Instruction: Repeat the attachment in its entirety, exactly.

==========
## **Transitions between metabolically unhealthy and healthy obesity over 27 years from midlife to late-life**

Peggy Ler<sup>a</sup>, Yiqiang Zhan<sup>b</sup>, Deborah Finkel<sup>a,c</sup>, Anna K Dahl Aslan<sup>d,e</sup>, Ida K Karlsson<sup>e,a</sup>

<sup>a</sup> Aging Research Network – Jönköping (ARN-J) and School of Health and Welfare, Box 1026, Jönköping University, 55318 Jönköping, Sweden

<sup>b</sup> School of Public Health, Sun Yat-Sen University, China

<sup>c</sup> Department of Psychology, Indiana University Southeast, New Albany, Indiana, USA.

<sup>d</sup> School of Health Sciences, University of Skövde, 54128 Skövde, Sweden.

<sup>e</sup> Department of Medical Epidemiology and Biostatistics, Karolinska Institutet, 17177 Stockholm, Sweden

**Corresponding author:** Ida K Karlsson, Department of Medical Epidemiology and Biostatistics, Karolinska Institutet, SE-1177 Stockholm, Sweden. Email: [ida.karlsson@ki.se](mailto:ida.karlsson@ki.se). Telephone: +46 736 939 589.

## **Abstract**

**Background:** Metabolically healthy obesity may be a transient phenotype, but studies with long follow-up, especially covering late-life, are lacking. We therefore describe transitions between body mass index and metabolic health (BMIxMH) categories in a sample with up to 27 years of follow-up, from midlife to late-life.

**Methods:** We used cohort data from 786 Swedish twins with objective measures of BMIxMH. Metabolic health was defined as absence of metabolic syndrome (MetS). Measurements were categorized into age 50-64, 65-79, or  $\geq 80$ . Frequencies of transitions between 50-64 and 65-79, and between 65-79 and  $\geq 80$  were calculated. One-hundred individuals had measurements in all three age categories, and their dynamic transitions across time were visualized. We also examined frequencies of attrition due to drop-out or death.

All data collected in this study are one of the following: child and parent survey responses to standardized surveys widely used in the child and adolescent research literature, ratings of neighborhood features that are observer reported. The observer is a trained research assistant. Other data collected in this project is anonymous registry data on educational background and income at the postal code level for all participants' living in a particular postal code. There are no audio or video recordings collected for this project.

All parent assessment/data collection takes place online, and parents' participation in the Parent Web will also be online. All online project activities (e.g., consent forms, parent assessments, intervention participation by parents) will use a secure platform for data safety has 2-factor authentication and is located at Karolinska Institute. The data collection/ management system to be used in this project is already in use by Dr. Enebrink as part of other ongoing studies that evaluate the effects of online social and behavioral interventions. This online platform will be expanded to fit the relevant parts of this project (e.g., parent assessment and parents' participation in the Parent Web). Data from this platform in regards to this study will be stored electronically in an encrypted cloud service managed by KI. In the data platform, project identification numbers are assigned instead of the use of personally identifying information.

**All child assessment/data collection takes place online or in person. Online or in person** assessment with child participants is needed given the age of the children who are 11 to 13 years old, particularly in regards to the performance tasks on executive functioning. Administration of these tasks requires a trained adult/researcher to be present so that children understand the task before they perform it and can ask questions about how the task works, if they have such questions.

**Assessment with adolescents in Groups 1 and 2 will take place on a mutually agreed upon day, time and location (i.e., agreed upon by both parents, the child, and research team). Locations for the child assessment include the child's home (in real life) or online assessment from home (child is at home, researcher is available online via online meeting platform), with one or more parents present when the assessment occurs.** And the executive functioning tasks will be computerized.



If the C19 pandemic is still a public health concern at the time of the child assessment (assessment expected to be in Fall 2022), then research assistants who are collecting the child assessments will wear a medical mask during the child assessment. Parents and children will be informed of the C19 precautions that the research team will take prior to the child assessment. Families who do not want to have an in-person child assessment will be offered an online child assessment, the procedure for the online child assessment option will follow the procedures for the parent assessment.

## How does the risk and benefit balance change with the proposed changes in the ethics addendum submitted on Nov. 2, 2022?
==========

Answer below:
## **Transitions between metabolically unhealthy and healthy obesity over 27 years from midlife to late-life**

Peggy Ler<sup>a</sup>, Yiqiang Zhan<sup>b</sup>, Deborah Finkel<sup>a,c</sup>, Anna K Dahl Aslan<sup>d,e</sup>, Ida K Karlsson<sup>e,a</sup>

<sup>a</sup> Aging Research Network – Jönköping (ARN-J) and School of Health and Welfare, Box 1026, Jönköping University, 55318 Jönköping, Sweden

<sup>b</sup> School of Public Health, Sun Yat-Sen University, China

<sup>c</sup> Department of Psychology, Indiana University Southeast, New Albany, Indiana, USA.

<sup>d</sup> School of Health Sciences, University of Skövde, 54128 Skövde, Sweden.

<sup>e</sup> Department of Medical Epidemiology and Biostatistics, Karolinska Institutet, 17177 Stockholm, Sweden

**Corresponding author:** Ida K Karlsson, Department of Medical Epidemiology and Biostatistics, Karolinska Institutet, SE-1177 Stockholm, Sweden. Email: [ida.karlsson@ki.se](mailto:ida.karlsson@ki.se). Telephone: +46 736 939 589.

## **Abstract**

**Background:** Metabolically healthy obesity may be a transient phenotype, but studies with long follow-up, especially covering late-life, are lacking. We therefore describe transitions between body mass index and metabolic health (BMIxMH) categories in a sample with up to 27 years of follow-up, from midlife to late-life.

**Methods:** We used cohort data from 786 Swedish twins with objective measures of BMIxMH. Metabolic health was defined as absence of metabolic syndrome (MetS). Measurements were categorized into age 50-64, 65-79, or  $\geq 80$ . Frequencies of transitions between 50-64 and 65-79, and between 65-79 and  $\geq 80$  were calculated. One-hundred individuals had measurements in all three age categories, and their dynamic transitions across time were visualized. We also examined frequencies of attrition due to drop-out or death.

All data collected in this study are one of the following: child and parent survey responses to standardized surveys widely used in the child and adolescent research literature, ratings of neighborhood features that are observer reported. The observer is a trained research assistant. Other data collected in this project is anonymous registry data on educational background and income at the postal code level for all participants' living in a particular postal code. There are no audio or video recordings collected for this project.

All parent assessment/data collection takes place online, and parents' participation in the Parent Web will also be online. All online project activities (e.g., consent forms, parent assessments, intervention participation by parents) will use a secure platform for data safety has 2-factor authentication and is located at Karolinska Institute. The data collection/ management system to be used in this project is already in use by Dr. Enebrink as part of other ongoing studies that evaluate the effects of online social and behavioral interventions. This online platform will be expanded to fit the relevant parts of this project (e.g., parent assessment and parents' participation in the Parent Web). Data from this platform in regards to this study will be stored electronically in an encrypted cloud service managed by KI. In the data platform, project identification numbers are assigned instead of the use of personally identifying information.

**All child assessment/data collection takes place online or in person. Online or in person** assessment with child participants is needed given the age of the children who are 11 to 13 years old, particularly in regards to the performance tasks on executive functioning. Administration of these tasks requires a trained adult/researcher to be present so that children understand the task before they perform it and can ask questions about how the task works, if they have such questions.

**Assessment with adolescents in Groups 1 and 2 will take place on a mutually agreed upon day, time and location (i.e., agreed upon by both parents, the child, and research team). Locations for the child assessment include the child's home (in real life) or online assessment from home (child is at home, researcher is available online via online meeting platform), with one or more parents present when the assessment occurs.** And the executive functioning tasks will be computerized.



If the C19 pandemic is still a public health concern at the time of the child assessment (assessment expected to be in Fall 2022), then research assistants who are collecting the child assessments will wear a medical mask during the child assessment. Parents and children will be informed of the C19 precautions that the research team will take prior to the child assessment. Families who do not want to have an in-person child assessment will be offered an online child assessment, the procedure for the online child assessment option will follow the procedures for the parent assessment.

## How does the risk and benefit balance change with the proposed changes in the ethics addendum submitted on Nov. 2, 2022?